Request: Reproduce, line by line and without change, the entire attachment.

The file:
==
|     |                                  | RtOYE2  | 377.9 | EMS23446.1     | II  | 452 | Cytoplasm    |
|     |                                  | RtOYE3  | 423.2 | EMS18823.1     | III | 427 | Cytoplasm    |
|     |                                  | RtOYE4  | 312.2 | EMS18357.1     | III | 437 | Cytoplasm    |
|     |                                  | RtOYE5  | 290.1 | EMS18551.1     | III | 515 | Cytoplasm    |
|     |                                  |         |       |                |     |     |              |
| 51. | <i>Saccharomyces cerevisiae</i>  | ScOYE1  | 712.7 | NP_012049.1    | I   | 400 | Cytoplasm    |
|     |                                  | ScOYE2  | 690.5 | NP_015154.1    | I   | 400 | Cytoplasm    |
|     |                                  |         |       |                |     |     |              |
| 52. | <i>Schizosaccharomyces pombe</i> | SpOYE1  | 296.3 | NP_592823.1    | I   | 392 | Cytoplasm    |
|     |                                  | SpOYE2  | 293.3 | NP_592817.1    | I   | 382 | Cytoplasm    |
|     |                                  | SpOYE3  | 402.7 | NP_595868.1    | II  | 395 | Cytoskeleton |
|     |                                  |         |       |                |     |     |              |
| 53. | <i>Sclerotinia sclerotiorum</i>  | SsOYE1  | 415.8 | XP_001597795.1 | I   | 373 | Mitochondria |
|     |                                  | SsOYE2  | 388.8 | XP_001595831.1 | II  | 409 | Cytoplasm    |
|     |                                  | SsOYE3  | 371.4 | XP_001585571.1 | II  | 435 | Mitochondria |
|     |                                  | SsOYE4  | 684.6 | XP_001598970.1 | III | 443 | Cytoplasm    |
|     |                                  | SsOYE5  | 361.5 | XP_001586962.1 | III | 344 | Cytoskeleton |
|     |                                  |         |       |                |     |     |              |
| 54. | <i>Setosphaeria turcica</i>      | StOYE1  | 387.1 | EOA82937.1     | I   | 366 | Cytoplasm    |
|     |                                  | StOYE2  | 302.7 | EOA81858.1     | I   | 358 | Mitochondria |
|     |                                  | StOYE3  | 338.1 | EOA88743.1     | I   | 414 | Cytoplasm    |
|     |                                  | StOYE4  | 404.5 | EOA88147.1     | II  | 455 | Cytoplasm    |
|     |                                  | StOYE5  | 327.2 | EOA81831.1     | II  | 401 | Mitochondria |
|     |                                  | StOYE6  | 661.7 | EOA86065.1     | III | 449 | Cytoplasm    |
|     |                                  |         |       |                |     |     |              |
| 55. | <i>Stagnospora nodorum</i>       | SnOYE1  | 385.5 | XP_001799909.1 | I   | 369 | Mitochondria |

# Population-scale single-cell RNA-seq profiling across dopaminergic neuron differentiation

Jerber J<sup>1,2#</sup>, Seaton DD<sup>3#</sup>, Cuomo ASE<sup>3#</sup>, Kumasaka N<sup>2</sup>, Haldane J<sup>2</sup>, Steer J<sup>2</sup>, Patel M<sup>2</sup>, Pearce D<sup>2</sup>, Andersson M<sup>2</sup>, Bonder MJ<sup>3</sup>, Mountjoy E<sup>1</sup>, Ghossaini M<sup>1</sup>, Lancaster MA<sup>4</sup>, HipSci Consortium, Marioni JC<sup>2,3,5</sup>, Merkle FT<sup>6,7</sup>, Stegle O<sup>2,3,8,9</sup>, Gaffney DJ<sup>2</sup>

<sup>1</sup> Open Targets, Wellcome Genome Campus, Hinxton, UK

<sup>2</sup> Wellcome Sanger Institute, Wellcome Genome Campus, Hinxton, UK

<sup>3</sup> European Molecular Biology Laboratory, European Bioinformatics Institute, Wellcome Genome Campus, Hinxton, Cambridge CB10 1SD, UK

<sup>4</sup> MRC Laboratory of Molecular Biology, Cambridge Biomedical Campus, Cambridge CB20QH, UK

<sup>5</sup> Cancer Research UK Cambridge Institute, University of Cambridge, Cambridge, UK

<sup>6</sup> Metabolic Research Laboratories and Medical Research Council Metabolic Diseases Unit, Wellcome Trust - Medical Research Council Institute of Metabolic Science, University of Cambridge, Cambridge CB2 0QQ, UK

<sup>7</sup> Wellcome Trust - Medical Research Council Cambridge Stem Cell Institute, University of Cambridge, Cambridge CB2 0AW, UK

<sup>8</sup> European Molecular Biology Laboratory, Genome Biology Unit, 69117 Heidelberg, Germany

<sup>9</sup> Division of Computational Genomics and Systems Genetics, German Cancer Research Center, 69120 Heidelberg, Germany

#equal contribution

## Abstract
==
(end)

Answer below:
|     |                                  | RtOYE2  | 377.9 | EMS23446.1     | II  | 452 | Cytoplasm    |
|     |                                  | RtOYE3  | 423.2 | EMS18823.1     | III | 427 | Cytoplasm    |
|     |                                  | RtOYE4  | 312.2 | EMS18357.1     | III | 437 | Cytoplasm    |
|     |                                  | RtOYE5  | 290.1 | EMS18551.1     | III | 515 | Cytoplasm    |
|     |                                  |         |       |                |     |     |              |
| 51. | <i>Saccharomyces cerevisiae</i>  | ScOYE1  | 712.7 | NP_012049.1    | I   | 400 | Cytoplasm    |
|     |                                  | ScOYE2  | 690.5 | NP_015154.1    | I   | 400 | Cytoplasm    |
|     |                                  |         |       |                |     |     |              |
| 52. | <i>Schizosaccharomyces pombe</i> | SpOYE1  | 296.3 | NP_592823.1    | I   | 392 | Cytoplasm    |
|     |                                  | SpOYE2  | 293.3 | NP_592817.1    | I   | 382 | Cytoplasm    |
|     |                                  | SpOYE3  | 402.7 | NP_595868.1    | II  | 395 | Cytoskeleton |
|     |                                  |         |       |                |     |     |              |
| 53. | <i>Sclerotinia sclerotiorum</i>  | SsOYE1  | 415.8 | XP_001597795.1 | I   | 373 | Mitochondria |
|     |                                  | SsOYE2  | 388.8 | XP_001595831.1 | II  | 409 | Cytoplasm    |
|     |                                  | SsOYE3  | 371.4 | XP_001585571.1 | II  | 435 | Mitochondria |
|     |                                  | SsOYE4  | 684.6 | XP_001598970.1 | III | 443 | Cytoplasm    |
|     |                                  | SsOYE5  | 361.5 | XP_001586962.1 | III | 344 | Cytoskeleton |
|     |                                  |         |       |                |     |     |              |
| 54. | <i>Setosphaeria turcica</i>      | StOYE1  | 387.1 | EOA82937.1     | I   | 366 | Cytoplasm    |
|     |                                  | StOYE2  | 302.7 | EOA81858.1     | I   | 358 | Mitochondria |
|     |                                  | StOYE3  | 338.1 | EOA88743.1     | I   | 414 | Cytoplasm    |
|     |                                  | StOYE4  | 404.5 | EOA88147.1     | II  | 455 | Cytoplasm    |
|     |                                  | StOYE5  | 327.2 | EOA81831.1     | II  | 401 | Mitochondria |
|     |                                  | StOYE6  | 661.7 | EOA86065.1     | III | 449 | Cytoplasm    |
|     |                                  |         |       |                |     |     |              |
| 55. | <i>Stagnospora nodorum</i>       | SnOYE1  | 385.5 | XP_001799909.1 | I   | 369 | Mitochondria |

# Population-scale single-cell RNA-seq profiling across dopaminergic neuron differentiation

Jerber J<sup>1,2#</sup>, Seaton DD<sup>3#</sup>, Cuomo ASE<sup>3#</sup>, Kumasaka N<sup>2</sup>, Haldane J<sup>2</sup>, Steer J<sup>2</sup>, Patel M<sup>2</sup>, Pearce D<sup>2</sup>, Andersson M<sup>2</sup>, Bonder MJ<sup>3</sup>, Mountjoy E<sup>1</sup>, Ghossaini M<sup>1</sup>, Lancaster MA<sup>4</sup>, HipSci Consortium, Marioni JC<sup>2,3,5</sup>, Merkle FT<sup>6,7</sup>, Stegle O<sup>2,3,8,9</sup>, Gaffney DJ<sup>2</sup>

<sup>1</sup> Open Targets, Wellcome Genome Campus, Hinxton, UK

<sup>2</sup> Wellcome Sanger Institute, Wellcome Genome Campus, Hinxton, UK

<sup>3</sup> European Molecular Biology Laboratory, European Bioinformatics Institute, Wellcome Genome Campus, Hinxton, Cambridge CB10 1SD, UK

<sup>4</sup> MRC Laboratory of Molecular Biology, Cambridge Biomedical Campus, Cambridge CB20QH, UK

<sup>5</sup> Cancer Research UK Cambridge Institute, University of Cambridge, Cambridge, UK

<sup>6</sup> Metabolic Research Laboratories and Medical Research Council Metabolic Diseases Unit, Wellcome Trust - Medical Research Council Institute of Metabolic Science, University of Cambridge, Cambridge CB2 0QQ, UK

<sup>7</sup> Wellcome Trust - Medical Research Council Cambridge Stem Cell Institute, University of Cambridge, Cambridge CB2 0AW, UK

<sup>8</sup> European Molecular Biology Laboratory, Genome Biology Unit, 69117 Heidelberg, Germany

<sup>9</sup> Division of Computational Genomics and Systems Genetics, German Cancer Research Center, 69120 Heidelberg, Germany

#equal contribution

## Abstract